How to Be A Mentor

Joshua Ho
Published on Nov 15, 2021. Updated on Nov 15, 2021.

Today on the blog, Osmosis Medical Education Fellow, Joshua Ho, shares with us some tips on effectively thinking about your experiences in medical school or otherwise, and how to approach taking on the role of a mentor. 

When starting out in Med school, I was so lost that the last thing I imagined was having anything to offer other students or juniors. This was true during my first year when I felt out of my depth and began to question whether I should have even applied for medical school in the first place—imposter syndrome.

It was the seniors and classmates that encouraged me. They went out of their way to provide guidance. I benefited and their effort and compassion motivated me to do the same when I got further along in my degree.

Whether you officially take on a role at your school or are just trying to be as helpful of a senior as you can, here are some steps you can take to help better mentor. While I’m writing this from the perspective of my time in medical school, these can be easily applied to any point of your education or career.

Be Reflective

As you're going through medical school, take the time during each semester to write down your thoughts and feelings about how the semester is going, the standard of teaching and anything else that you feel has impacted you and your studies.

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Some questions that can help guide your reflection, ‘What would I have liked to know before starting this phase?’, ‘Where do I need to focus most of my time and attention?’, & ‘What could I change to improve my approach?’.

As you evaluate what you think is going right or wrong during this time, it not only helps you redirect yourself to help you achieve your goals, but what you’ve reflected on is something that you can easily pass on to your mentees.

Be Intentional

While it may be tempting to be more a reactive mentor and just answer questions when approached, it will be much more appreciated if you are proactive and provide your mentees with useful information when you think it would be helpful for them, in the particular stage of studies they are in at that moment. You can give advice about specific modules, study tactics & resources or even being willing to meet up and teach difficult topics to them.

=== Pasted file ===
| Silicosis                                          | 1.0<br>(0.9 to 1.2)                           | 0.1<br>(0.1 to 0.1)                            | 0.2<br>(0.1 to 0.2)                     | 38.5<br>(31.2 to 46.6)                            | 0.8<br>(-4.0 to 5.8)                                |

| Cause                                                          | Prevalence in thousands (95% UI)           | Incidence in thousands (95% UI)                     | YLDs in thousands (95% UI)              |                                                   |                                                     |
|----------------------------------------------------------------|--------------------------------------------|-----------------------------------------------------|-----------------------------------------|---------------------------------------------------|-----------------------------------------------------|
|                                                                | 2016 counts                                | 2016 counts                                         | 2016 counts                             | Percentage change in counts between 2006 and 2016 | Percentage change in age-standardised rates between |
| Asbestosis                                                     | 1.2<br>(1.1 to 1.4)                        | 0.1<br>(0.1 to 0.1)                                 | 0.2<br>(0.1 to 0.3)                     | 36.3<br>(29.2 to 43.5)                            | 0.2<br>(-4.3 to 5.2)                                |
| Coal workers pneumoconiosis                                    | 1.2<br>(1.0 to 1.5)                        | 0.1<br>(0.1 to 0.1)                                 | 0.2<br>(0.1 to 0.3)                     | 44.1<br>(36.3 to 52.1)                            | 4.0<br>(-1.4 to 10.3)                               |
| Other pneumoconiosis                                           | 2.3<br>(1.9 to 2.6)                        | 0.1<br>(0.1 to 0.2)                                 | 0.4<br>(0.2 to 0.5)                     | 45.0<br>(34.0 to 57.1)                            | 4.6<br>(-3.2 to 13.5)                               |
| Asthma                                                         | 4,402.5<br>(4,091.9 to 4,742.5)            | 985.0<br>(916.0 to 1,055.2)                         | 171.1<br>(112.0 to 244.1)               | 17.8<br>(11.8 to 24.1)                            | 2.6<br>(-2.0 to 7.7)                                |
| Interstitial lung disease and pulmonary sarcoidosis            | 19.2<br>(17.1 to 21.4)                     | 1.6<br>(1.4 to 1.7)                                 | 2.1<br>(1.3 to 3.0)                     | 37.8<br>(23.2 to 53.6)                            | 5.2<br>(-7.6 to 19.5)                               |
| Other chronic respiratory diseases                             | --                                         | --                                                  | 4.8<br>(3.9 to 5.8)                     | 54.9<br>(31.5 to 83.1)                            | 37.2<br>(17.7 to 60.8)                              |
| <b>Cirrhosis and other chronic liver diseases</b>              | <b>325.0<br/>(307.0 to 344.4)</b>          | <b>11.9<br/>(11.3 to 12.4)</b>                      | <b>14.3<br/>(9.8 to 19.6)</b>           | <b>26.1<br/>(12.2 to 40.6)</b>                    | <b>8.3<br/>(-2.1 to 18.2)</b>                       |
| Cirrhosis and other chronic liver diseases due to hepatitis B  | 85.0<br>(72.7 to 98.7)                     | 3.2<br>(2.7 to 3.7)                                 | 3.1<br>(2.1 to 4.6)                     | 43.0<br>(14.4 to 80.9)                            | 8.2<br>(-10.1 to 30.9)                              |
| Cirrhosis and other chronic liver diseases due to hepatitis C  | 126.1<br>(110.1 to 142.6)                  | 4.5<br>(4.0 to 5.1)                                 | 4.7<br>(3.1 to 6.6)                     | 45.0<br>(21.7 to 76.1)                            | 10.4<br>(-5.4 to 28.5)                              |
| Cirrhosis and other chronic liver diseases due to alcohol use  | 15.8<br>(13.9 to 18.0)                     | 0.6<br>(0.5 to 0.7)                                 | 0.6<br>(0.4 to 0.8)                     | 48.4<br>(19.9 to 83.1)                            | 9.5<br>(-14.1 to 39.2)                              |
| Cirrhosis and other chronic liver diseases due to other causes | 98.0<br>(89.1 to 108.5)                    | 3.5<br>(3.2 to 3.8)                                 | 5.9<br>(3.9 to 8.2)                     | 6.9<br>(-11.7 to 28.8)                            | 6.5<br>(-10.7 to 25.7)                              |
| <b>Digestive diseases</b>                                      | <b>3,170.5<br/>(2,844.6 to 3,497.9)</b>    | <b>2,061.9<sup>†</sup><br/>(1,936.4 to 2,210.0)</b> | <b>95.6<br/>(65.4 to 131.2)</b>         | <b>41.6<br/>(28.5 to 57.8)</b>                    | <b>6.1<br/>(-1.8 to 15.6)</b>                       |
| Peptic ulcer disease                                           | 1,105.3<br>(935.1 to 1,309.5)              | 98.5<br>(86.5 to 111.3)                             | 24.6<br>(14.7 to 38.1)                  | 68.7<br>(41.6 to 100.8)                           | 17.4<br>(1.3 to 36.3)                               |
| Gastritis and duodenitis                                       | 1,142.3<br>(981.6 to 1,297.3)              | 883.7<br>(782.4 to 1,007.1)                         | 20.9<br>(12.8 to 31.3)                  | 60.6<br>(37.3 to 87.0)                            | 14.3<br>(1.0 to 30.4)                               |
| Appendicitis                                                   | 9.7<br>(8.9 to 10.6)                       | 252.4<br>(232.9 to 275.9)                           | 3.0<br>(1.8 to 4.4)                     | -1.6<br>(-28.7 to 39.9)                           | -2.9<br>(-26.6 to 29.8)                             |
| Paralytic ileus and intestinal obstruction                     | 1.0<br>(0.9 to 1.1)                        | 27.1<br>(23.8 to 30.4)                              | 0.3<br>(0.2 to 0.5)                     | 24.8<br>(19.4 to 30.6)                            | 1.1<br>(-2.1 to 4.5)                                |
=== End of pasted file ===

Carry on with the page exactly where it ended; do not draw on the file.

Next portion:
Put in the effort with the people who are receptive. There will always be people you start out mentoring, but who decide they’d rather just do things alone. Don’t let that discourage you from being a good mentor to the rest of the people who do appreciate what you’re doing for them.

Be Yourself

Joshua playing a guitar.

Don’t feel like you have to fit a certain person as a mentor. While you are trying to pass wisdom down to your mentees, you can do that while treating them as friends or colleagues rather than as an authority figure. Feel free to check up on them to see how they are doing both inside & outside of their studies and if there’s any way that you can help. Being compassionate towards your mentees is just as important as any practical advice you can offer, especially as they learn to adjust to the intense expectations and demands of medical school.

In summary

Whether you think so or not, you always have something to share with other people. Be it advice or experiences, you probably have something that would be valuable to someone else. This applies to when you’re an accomplished doctor all the way down to when you’ve finished even just a semester in medical school.

Being reflective, intentional & genuine are just some of the ways that you can try to be a mentor.

You can also take steps as you go through your medical career, in order to help you reflect on your experiences and pass on any learning points you have to those under you.

About Joshua Ho

Josh is a third year medical student at the University College Dublin. When he’s not on the wards, in theatre or the library, you can possibly find him playing guitar, rock climbing & trying to befriend all the animals in the neighborhood. Medical interest in Pediatrics & Pediatric Surgery. 


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